Start learning with our library of video tutorials taught by experts. Get started
Viewed by members. in countries. members currently watching.
Photoshop has become an indispensible tool for photographers, designers, and all other creative professionals, as well as students. Photoshop CS4 Essential Training teaches a broad spectrum of core skills that are common to many creative fields: working with layers and selections; adjusting, manipulating, and retouching photos; painting; adding text; automating; preparing files for output; and more. Instructor Jan Kabili demonstrates established techniques as well as those made possible by some of the new features unique to Photoshop CS4. This course is indispensable to those who are new to the application, just learning this version, or expanding their skills. Example files accompany the course.
The Basic panel, which is over here on the right side in the Adobe Camera Raw window, is where you'll do most of the processing of your raw files. This is where the essential controls live. I'd like to show you how to use these controls on this image, which is skulls_0015.CRW from the Chapter 9 Exercise Files folder. I opened this file from Adobe Bridge into Adobe Camera Raw. First I'll make sure that the Basic tab is selected here in the right-hand column. That shows me these controls.
The first control here is the White Balance control. White balance is about the color of the light in which you shoot a photo. The color of a light can affect the overall color of a photograph. For example, if you shoot in fluorescent lights, there can be a green cast to an image. The purpose of the White Balance controls here in Adobe Camera Raw is to compensate for the color of light in which a raw file is shot. You use these controls to neutralize the overall colorcast of the image. If you're shooting JPEG you have to rely on the white balance controls in your camera, but when you are shooting Raw, it doesn't matter how your camera's white balance controls are set, because you can always change the white balance here in the Adobe Camera Raw window.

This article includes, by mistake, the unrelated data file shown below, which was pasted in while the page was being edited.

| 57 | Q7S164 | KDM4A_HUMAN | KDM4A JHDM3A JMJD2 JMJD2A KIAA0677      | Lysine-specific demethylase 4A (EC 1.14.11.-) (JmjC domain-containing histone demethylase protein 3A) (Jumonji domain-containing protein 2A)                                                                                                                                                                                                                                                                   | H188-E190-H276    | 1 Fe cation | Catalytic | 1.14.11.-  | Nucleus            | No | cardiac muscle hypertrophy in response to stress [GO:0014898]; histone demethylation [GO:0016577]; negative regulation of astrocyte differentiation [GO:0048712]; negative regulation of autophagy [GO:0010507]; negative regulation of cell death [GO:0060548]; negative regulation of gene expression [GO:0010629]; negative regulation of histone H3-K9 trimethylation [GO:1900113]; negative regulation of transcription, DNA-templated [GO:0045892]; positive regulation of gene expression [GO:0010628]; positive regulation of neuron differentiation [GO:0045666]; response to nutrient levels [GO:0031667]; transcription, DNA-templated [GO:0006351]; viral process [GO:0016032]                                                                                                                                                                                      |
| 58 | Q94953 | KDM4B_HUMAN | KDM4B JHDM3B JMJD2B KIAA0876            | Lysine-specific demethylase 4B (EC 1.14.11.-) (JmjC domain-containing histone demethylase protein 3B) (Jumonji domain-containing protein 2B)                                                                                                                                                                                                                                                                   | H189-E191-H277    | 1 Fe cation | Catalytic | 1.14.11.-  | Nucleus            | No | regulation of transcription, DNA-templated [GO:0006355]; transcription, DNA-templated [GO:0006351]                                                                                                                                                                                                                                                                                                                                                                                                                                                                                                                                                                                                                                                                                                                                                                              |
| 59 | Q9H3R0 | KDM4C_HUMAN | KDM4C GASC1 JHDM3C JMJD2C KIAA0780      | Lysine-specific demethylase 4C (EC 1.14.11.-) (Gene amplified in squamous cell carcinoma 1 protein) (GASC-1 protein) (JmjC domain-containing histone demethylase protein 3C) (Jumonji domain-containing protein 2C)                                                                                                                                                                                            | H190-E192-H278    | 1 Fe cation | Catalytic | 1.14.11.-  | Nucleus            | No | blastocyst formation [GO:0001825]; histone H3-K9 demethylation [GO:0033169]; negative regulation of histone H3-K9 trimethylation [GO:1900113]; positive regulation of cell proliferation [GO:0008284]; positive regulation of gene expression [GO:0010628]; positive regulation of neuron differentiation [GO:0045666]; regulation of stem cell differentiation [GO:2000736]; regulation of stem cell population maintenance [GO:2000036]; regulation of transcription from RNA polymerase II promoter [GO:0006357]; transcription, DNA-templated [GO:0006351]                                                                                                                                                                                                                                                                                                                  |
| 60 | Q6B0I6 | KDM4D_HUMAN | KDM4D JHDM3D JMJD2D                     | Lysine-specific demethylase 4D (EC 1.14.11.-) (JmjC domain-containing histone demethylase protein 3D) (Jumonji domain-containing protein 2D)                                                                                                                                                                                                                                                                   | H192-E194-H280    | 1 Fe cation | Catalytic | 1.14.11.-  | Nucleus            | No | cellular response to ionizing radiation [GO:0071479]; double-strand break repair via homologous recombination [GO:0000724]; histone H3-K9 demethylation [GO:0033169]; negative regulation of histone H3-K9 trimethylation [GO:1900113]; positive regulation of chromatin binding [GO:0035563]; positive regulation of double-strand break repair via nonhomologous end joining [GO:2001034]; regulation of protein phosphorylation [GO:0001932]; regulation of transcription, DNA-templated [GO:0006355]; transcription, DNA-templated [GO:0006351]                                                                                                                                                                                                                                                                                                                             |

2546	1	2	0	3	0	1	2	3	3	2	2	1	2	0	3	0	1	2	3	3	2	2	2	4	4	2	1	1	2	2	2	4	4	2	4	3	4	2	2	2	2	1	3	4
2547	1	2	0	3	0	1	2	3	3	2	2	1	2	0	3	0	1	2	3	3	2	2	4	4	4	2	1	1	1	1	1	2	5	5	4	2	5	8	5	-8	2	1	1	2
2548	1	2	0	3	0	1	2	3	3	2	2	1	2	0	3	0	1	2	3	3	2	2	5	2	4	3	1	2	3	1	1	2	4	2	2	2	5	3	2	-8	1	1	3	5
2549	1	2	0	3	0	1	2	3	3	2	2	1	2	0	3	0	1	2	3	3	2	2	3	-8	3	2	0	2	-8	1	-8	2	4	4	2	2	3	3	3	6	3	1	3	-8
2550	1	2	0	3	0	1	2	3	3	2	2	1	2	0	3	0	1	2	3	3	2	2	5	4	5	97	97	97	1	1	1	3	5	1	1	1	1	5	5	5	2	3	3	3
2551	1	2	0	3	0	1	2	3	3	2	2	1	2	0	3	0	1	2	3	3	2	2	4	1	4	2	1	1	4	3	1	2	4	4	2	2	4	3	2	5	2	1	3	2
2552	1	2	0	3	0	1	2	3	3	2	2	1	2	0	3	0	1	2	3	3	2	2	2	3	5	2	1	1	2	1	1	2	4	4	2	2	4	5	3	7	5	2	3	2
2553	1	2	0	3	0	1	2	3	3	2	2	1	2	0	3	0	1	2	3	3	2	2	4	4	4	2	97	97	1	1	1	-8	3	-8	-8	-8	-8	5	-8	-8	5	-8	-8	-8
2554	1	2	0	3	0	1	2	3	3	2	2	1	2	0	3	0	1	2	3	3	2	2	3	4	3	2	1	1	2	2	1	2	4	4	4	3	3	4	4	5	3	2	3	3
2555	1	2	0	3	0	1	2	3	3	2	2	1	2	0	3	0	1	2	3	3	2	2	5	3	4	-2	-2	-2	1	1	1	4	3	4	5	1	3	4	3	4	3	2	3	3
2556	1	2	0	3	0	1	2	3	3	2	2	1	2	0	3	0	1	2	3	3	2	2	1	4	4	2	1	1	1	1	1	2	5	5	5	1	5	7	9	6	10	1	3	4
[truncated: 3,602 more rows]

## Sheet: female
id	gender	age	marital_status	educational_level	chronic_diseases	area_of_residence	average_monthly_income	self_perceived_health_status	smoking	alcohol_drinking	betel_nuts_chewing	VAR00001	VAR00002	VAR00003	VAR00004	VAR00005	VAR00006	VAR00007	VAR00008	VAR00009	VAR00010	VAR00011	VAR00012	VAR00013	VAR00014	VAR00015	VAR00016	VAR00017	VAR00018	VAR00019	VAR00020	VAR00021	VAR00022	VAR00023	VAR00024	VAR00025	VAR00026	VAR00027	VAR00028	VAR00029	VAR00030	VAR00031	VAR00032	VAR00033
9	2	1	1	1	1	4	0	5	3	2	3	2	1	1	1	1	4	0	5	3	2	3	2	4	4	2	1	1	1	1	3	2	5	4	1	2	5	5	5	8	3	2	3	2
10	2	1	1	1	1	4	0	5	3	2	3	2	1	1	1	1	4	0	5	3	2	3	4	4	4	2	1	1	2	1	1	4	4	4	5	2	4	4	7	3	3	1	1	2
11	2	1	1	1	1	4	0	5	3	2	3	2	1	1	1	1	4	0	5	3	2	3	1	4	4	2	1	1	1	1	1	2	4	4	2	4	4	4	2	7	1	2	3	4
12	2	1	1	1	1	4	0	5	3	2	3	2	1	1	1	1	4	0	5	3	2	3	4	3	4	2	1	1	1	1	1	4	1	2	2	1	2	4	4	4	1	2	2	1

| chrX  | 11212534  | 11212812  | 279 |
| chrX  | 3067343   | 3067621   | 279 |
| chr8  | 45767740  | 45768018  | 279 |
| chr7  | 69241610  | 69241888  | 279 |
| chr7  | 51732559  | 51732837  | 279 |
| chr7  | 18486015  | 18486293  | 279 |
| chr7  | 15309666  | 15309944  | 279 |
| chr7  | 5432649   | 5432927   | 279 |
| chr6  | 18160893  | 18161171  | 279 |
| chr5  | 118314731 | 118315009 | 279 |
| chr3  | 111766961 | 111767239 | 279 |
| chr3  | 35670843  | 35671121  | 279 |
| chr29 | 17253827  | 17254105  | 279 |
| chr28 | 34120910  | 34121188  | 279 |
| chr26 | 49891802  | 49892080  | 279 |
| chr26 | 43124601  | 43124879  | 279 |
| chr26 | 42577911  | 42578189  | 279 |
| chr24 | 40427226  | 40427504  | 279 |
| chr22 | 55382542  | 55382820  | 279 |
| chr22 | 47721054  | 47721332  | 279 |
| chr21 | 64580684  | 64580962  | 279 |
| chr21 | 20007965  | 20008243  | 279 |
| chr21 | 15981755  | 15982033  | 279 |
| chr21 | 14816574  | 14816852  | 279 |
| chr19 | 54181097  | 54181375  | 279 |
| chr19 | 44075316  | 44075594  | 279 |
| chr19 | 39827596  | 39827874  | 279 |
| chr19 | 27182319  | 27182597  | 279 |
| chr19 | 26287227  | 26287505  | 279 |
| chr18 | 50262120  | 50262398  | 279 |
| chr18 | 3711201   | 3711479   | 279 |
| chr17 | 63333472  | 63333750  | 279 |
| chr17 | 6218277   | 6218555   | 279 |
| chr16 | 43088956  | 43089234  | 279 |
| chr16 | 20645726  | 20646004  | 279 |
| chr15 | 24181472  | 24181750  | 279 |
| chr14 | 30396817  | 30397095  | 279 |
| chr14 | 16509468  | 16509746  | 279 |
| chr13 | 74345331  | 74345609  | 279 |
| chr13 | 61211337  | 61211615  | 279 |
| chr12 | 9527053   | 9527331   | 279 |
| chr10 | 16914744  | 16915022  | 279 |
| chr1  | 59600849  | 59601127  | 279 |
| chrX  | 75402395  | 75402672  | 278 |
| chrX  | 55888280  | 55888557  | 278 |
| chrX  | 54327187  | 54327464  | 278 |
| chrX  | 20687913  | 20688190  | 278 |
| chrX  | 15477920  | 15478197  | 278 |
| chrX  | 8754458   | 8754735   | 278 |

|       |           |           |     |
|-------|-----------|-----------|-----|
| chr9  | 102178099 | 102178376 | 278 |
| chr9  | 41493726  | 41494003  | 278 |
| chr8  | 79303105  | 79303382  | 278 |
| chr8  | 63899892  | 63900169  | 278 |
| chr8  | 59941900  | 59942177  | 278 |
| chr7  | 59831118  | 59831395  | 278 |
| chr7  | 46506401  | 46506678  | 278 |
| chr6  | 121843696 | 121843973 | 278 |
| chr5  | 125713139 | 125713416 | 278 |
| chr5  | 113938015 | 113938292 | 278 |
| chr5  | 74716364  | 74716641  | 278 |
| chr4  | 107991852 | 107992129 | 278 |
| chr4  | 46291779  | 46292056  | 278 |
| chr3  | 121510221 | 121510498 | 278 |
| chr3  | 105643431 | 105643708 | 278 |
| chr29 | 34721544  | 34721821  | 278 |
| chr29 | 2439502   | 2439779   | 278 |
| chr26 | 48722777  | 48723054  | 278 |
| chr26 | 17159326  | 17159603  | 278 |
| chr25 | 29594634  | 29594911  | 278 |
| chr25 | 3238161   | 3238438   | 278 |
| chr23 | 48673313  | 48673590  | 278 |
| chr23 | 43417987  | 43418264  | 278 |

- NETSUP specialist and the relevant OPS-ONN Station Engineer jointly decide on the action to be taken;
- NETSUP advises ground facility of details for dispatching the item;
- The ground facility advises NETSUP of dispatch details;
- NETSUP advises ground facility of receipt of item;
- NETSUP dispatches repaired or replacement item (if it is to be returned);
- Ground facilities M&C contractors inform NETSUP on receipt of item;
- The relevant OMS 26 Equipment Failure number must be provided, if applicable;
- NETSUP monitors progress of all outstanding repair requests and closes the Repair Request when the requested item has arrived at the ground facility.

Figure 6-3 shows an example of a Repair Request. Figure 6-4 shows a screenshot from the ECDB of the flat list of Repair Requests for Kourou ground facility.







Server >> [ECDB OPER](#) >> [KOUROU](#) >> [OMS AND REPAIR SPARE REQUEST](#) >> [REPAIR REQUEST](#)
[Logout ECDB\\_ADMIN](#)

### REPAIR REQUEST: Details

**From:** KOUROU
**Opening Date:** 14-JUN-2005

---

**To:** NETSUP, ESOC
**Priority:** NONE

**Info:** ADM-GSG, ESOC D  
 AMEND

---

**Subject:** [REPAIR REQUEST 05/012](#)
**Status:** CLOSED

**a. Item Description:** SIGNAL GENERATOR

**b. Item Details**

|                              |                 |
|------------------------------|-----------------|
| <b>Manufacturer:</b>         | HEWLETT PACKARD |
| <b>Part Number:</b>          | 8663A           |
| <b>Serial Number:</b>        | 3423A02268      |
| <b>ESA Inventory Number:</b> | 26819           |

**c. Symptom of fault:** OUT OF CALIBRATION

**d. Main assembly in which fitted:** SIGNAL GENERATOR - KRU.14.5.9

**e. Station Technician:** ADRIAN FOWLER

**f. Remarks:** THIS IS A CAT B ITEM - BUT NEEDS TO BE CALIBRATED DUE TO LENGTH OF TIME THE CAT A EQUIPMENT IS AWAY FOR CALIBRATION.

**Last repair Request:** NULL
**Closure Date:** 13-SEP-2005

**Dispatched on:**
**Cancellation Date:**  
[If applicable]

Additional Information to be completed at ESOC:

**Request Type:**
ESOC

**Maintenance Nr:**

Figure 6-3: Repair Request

There are a couple of ways to do that. One way is to get this White Balance tool from the toolbox at the top of the screen, and then to come into the image and try to find an area that you think should be gray and click on that. So I am going to try clicking here on this gray area of this plate. That's not a bad result, but if I were to click somewhere else, say in the horns here, I get a result that's too blue. So I don't often use this eyedropper, because its results are so variable. Instead I'll come in and start from the White Balance menu here, which offers a number of presets.
The As Shot preset is the way that the image looks right out of the camera. The auto setting is Adobe Camera Raw's best guess at how the white balance should be set. I'll just run through these one by one until I see a result that's close to the way that I want it. There is the Daylight setting, which makes it quite warm; the Cloudy setting, it's even warmer; the Shade setting, and so on. I think in this case probably Daylight isn't bad, and then after I select from that menu, I'll come down to the Temperature and Tint sliders and fine-tune that result.